Keen birders were happy to see summer migrants in abundance. The trilling call of the Woodland Kingfisher was an integral part of the camp ambience during January.  Other migrants seen during January in Kwara included Ruffs, Abdim’s Storks, Carmine bee-eaters and Steppe Buzzards.

Kwara, December 2016

Landscape2watermonitorlizard.101619-Kwara

When booking an African safari, more often than not you imagine driving across vast open plains teeming with game or sitting in a vehicle beside a waterhole surrounded by numerous different species. This is not always the case. Sometimes the action occurs right in camp without setting foot on a game drive vehicle. This is pretty much how December started at Kwara. Two nomadic male lions spent the night in camp roaring almost until dawn. For those who have experienced the roar of a lion at close range; the vibrations penetrate the walls of any room and can be felt deep within your chest. It is a distinct and unmistakable feeling of power that stirs our primeval instincts. The following morning these regal beasts were found resting on the road to the airstrip.

Despite the action in and around camp the sightings from the vehicles did not disappoint, on one occasion as the Mma Leitho Pride was enjoying the early morning sunshine a wildebeest appeared seemingly out of nowhere and walked right towards the resting pride. Being opportunistic by nature the lionesses stalked, ambushed and killed the wildebeest. Kwara’s three vehicles (the maximum permitted) were lucky enough to witness the experience. One other incredible sighting was when a lioness who had been away from the pride for more than a month was seen introducing her 6 week old cub to her home land. The cub was shy at first and scrambled into an aardvark hole afraid of the vehicle, but the lioness gently nudged the cub out with her front paw, carefully picked it up with a neck bite and carried her off. Such a tender and special moment for our guests to experience.

Two different packs of wild dog had a slight altercation. After the smaller pack had killed 2 baby impala and were busy regurgitating for their pups a larger pack came and chased them off; it was sad to see the adults abandon their pups as they ran for their lives but it all ended well and the smaller pack all managed to escape unharmed.

A female leopard was found earlier in the month as she moved from one island to another. Hunting, she climbed up trees for a better view. Excitement mounted as she spotted a bushbuck. She stalked and managed to get really close but just as she was about to pounce, the bushbuck managed to escape.

There were many other incredible sightings of carnivores such as lion, leopard, cheetah, hyena and wild dog, but possibly the most unusual predator sighting of December involved reptiles. A crocodile and a monitor lizard were found fighting just east of the airstrip, the left front leg of the monitor lizard was locked in the jaws of the crocodile. The monitor lizard had his entire body wrapped around the head of the crocodile as they both toughed it out. Eventually the crocodile surrendered and the two went their separate ways. Once again Kwara delivers an incredible and most unusual sighting.

Kwara, November 2016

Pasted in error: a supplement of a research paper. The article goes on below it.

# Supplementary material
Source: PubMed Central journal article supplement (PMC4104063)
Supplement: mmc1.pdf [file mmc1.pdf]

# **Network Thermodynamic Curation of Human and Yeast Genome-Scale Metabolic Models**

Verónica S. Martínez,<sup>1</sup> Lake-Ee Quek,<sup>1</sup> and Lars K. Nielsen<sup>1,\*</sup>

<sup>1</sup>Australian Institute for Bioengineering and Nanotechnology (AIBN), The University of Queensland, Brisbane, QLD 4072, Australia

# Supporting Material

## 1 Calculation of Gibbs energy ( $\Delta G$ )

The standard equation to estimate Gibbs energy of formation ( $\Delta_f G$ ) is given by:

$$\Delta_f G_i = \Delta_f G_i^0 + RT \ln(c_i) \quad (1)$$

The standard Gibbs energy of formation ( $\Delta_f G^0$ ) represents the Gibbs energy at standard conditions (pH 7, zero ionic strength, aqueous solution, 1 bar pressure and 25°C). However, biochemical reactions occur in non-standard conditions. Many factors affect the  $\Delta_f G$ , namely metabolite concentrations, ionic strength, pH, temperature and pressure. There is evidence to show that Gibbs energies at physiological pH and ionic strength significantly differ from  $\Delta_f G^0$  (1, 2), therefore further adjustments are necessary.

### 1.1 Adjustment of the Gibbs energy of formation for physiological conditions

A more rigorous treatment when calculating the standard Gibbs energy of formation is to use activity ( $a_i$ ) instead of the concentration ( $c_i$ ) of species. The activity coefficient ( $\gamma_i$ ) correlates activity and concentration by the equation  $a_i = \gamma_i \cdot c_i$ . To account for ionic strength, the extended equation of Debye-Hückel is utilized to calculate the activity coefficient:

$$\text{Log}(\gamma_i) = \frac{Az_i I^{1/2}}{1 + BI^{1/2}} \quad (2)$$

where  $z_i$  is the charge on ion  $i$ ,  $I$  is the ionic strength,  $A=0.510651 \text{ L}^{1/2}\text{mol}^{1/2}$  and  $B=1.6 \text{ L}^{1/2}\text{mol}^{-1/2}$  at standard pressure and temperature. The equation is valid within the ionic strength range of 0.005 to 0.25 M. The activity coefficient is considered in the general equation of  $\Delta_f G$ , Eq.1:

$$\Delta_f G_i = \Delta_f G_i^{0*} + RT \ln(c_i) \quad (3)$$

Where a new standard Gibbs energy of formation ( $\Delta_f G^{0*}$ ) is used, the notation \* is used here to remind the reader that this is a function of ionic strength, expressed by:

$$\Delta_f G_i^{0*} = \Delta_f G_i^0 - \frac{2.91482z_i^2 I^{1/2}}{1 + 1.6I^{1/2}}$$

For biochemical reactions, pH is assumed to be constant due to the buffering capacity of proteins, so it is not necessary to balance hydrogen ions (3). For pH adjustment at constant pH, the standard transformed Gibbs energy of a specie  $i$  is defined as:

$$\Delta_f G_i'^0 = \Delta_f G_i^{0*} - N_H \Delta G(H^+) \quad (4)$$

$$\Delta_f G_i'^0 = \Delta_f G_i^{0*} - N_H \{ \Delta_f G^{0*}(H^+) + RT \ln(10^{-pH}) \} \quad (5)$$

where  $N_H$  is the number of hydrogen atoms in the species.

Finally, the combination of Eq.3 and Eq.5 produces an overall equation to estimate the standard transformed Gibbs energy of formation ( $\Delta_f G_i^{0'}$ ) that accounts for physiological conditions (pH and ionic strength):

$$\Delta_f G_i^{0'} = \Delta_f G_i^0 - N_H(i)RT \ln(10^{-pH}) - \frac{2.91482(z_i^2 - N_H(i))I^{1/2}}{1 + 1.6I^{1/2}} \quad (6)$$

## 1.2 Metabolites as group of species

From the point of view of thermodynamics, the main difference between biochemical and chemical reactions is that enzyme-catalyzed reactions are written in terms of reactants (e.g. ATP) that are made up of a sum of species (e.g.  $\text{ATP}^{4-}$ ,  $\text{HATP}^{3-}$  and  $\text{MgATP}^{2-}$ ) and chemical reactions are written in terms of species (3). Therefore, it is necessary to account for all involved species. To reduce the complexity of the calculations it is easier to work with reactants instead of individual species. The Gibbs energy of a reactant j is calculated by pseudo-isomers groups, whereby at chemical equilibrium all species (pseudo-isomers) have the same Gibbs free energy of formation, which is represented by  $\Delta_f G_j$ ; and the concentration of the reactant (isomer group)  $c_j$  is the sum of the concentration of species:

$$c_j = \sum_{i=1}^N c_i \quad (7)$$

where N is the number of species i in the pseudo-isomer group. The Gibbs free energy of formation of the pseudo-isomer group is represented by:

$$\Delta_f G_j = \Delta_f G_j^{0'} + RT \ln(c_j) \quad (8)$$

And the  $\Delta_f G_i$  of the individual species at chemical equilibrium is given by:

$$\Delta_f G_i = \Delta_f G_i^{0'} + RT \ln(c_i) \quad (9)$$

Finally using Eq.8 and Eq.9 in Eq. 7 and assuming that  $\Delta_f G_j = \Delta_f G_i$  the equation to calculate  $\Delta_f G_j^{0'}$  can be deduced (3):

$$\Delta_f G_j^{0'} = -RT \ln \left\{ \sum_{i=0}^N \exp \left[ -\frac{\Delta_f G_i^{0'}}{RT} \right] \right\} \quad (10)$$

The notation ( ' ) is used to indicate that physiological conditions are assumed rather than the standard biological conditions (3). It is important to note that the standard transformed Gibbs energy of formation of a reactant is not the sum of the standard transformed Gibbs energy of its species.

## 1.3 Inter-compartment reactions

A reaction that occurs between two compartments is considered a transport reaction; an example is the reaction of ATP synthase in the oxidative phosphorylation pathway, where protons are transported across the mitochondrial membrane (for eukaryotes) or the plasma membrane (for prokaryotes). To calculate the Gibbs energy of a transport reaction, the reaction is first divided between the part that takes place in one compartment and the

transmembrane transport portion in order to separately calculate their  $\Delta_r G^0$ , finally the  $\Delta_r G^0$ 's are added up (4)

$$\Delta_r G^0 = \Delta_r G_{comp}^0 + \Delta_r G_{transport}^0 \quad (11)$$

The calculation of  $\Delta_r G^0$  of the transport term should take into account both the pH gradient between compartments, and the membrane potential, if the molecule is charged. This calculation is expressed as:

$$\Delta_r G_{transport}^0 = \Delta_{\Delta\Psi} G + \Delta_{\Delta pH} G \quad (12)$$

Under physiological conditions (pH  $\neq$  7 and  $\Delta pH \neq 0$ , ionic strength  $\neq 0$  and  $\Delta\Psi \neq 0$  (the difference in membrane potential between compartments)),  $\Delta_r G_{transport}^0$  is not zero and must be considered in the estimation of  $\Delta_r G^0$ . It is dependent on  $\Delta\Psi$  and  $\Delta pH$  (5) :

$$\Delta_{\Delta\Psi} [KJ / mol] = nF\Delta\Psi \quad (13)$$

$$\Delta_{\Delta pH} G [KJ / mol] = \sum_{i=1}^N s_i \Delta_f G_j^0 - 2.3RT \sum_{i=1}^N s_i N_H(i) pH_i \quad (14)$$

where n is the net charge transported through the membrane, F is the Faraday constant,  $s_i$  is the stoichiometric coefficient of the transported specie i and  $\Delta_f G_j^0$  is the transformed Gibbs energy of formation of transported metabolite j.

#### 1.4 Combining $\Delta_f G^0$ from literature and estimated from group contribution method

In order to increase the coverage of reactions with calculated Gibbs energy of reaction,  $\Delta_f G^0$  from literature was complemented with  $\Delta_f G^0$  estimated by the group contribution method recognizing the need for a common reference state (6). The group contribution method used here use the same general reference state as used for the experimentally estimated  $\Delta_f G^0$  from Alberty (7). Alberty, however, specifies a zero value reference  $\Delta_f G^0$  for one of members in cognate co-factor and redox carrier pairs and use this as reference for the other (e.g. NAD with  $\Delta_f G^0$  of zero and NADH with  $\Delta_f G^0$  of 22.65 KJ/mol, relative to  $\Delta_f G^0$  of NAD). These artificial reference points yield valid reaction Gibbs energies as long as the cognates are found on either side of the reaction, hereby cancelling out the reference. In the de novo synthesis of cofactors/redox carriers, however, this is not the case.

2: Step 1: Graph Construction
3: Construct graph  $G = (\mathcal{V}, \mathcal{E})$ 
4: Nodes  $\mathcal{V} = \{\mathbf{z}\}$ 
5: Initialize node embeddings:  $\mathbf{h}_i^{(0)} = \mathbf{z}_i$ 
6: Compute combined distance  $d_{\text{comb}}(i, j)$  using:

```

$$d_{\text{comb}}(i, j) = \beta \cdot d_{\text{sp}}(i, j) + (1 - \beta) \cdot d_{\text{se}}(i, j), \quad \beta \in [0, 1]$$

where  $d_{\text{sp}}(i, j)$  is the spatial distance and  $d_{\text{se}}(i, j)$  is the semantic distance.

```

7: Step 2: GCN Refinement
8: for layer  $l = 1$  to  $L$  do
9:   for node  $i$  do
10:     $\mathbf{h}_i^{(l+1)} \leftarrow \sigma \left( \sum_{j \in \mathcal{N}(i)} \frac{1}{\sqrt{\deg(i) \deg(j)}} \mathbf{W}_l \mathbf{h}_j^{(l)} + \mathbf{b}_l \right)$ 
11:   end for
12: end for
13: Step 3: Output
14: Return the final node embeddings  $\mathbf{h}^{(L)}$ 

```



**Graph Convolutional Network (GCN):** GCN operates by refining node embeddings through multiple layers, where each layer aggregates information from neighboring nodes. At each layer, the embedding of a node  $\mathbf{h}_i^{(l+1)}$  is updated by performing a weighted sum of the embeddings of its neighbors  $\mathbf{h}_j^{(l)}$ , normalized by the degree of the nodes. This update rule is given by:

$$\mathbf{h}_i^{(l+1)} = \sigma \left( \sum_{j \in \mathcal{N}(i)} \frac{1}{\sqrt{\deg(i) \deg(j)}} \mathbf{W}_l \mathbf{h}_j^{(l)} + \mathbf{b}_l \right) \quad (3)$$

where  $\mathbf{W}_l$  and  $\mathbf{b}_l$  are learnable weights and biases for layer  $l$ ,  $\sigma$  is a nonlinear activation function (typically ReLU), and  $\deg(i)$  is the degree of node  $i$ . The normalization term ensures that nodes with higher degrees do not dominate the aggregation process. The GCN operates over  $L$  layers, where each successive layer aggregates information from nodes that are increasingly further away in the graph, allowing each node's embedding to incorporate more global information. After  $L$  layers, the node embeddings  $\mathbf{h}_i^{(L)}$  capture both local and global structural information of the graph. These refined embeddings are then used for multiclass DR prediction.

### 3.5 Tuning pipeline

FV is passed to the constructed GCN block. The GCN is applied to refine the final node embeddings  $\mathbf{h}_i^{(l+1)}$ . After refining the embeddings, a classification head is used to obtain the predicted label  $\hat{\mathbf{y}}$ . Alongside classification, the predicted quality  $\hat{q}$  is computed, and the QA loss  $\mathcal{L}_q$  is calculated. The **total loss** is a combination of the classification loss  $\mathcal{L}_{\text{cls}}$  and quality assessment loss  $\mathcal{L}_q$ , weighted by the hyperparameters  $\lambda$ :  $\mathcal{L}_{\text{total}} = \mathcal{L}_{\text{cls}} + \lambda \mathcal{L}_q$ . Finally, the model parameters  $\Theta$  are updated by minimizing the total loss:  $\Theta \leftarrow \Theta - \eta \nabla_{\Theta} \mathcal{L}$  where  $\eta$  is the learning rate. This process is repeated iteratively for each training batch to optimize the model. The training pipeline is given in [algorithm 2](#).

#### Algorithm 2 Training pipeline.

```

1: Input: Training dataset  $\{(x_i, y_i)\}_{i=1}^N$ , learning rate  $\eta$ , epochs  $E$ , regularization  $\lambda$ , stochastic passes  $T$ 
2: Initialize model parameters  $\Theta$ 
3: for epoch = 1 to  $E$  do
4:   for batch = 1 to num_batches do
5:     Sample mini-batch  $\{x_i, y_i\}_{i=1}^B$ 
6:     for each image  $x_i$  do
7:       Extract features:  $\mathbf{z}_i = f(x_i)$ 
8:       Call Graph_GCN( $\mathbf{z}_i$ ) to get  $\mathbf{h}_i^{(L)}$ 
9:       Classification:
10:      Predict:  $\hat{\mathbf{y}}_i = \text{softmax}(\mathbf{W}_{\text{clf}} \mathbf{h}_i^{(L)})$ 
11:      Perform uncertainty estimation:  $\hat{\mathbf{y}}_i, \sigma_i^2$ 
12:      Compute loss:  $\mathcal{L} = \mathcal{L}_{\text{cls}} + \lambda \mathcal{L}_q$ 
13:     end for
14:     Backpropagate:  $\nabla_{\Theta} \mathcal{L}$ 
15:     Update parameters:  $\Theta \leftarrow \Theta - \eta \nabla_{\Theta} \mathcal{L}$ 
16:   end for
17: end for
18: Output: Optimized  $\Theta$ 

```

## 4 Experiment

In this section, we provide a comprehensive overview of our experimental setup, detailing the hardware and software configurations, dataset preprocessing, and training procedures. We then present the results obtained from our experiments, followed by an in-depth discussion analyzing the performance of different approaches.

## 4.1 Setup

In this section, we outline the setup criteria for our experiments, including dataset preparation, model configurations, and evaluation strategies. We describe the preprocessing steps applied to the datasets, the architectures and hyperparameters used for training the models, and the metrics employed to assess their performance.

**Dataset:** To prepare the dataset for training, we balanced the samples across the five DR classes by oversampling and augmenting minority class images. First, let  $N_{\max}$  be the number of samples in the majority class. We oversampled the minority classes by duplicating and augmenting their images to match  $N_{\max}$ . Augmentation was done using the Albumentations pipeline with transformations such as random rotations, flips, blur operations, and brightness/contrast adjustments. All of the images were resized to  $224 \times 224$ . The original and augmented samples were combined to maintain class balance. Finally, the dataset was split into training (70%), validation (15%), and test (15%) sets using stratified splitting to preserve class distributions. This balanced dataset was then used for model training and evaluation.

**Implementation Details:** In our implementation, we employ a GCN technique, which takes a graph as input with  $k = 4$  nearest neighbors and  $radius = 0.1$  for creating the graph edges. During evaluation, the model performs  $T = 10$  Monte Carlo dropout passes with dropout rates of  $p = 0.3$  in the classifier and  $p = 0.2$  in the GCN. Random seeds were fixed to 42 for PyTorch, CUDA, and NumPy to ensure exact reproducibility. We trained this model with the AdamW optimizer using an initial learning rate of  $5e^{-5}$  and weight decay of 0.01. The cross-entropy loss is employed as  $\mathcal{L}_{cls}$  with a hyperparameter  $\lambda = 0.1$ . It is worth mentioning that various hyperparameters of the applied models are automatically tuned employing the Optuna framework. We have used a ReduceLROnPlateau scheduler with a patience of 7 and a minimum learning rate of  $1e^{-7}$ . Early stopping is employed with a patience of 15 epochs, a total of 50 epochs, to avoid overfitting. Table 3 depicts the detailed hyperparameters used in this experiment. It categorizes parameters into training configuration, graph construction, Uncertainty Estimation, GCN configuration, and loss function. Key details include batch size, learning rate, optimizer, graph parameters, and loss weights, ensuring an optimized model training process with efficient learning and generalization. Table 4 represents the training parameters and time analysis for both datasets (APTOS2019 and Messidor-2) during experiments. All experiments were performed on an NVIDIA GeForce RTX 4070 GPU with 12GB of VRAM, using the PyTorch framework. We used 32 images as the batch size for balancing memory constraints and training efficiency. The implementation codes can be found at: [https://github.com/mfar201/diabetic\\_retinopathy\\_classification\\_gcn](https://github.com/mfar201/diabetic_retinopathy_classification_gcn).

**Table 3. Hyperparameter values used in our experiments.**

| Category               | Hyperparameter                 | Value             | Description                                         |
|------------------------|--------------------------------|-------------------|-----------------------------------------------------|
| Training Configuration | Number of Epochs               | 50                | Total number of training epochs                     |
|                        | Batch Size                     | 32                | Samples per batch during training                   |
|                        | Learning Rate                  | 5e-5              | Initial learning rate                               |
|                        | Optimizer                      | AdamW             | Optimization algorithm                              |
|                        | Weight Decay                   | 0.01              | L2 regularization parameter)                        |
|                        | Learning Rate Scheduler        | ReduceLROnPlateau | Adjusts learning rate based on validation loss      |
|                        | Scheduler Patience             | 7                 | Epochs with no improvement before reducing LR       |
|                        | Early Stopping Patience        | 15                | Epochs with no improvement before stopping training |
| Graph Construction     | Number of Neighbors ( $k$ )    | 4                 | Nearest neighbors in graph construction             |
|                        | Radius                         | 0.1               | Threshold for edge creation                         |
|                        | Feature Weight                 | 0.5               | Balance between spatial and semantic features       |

E.Landmann.Cat4leopards

It’s rare to see two leopards together – generally only when it’s a mother and her cubs, or possibly a male and a female mating. On the last day of October, we were even luckier, with the chance to see two male leopards meeting, and the resulting fight! Male leopards are territorial, marking the boundaries of their territory regularly. Intruders are not welcome! Yet to establish a territory, a male must at some point have fought another for the right to be there. Witnessing the two predators tumbling and fighting, is truly awe inspiring. For those that missed out on the fighting leopards, the middle of the month provided another double leopard sighting – this time a male and a female mating!

The start of November led to regular sightings of the two female lions with four youngsters. We saw them for several days, resting up in the heat of the day, and then finishing off the remains of a kill. Meanwhile, two sub-adult males that had ventured off on their own also had luck with their hunting, and had managed to take down a zebra foal. A good learning experience for them.

Throughout the month, the lionesses and cubs were seen the most often, being seen on 16 days. They always look well-fed, and were seen with the remains of several kills including impala and tsessebe.

Safaris can take a fair bit of patience, a lot of waiting and waiting, perhaps for only a tiny bit of action. But patience paid off for Kwara guests watching a cheetah in the area around Splash. They followed the cheetah for over two hours, as he stalked through the area. Then suddenly, having stalked carefully, in a rush of action, he managed to kill a reedbuck in front of everyone.

But, having all the patience in the world isn’t always a guarantee of success, as a female leopard found out. Having just spent a long time carefully stalking her prey – a reedbuck – a hyena appeared adding mayhem to the scene, with the reedbuck dashing off into the distance, and the leopard taking flight and heading to the safety of a nearby tree.

The tiny wild dog pack that denned this year near Tsum Tsum were found along Xugana road, having just killed an impala. As we arrived, the pack were still feeding on it – enough to go around for three adults and four puppies.  Not long after, another pack – with 5 adults and two youngsters – were seen in the area around Buffalo Road, finishing off another impala. A few days later, and the pack arrived into Kwara camp, chasing the impala round and round, though not making an actual kill.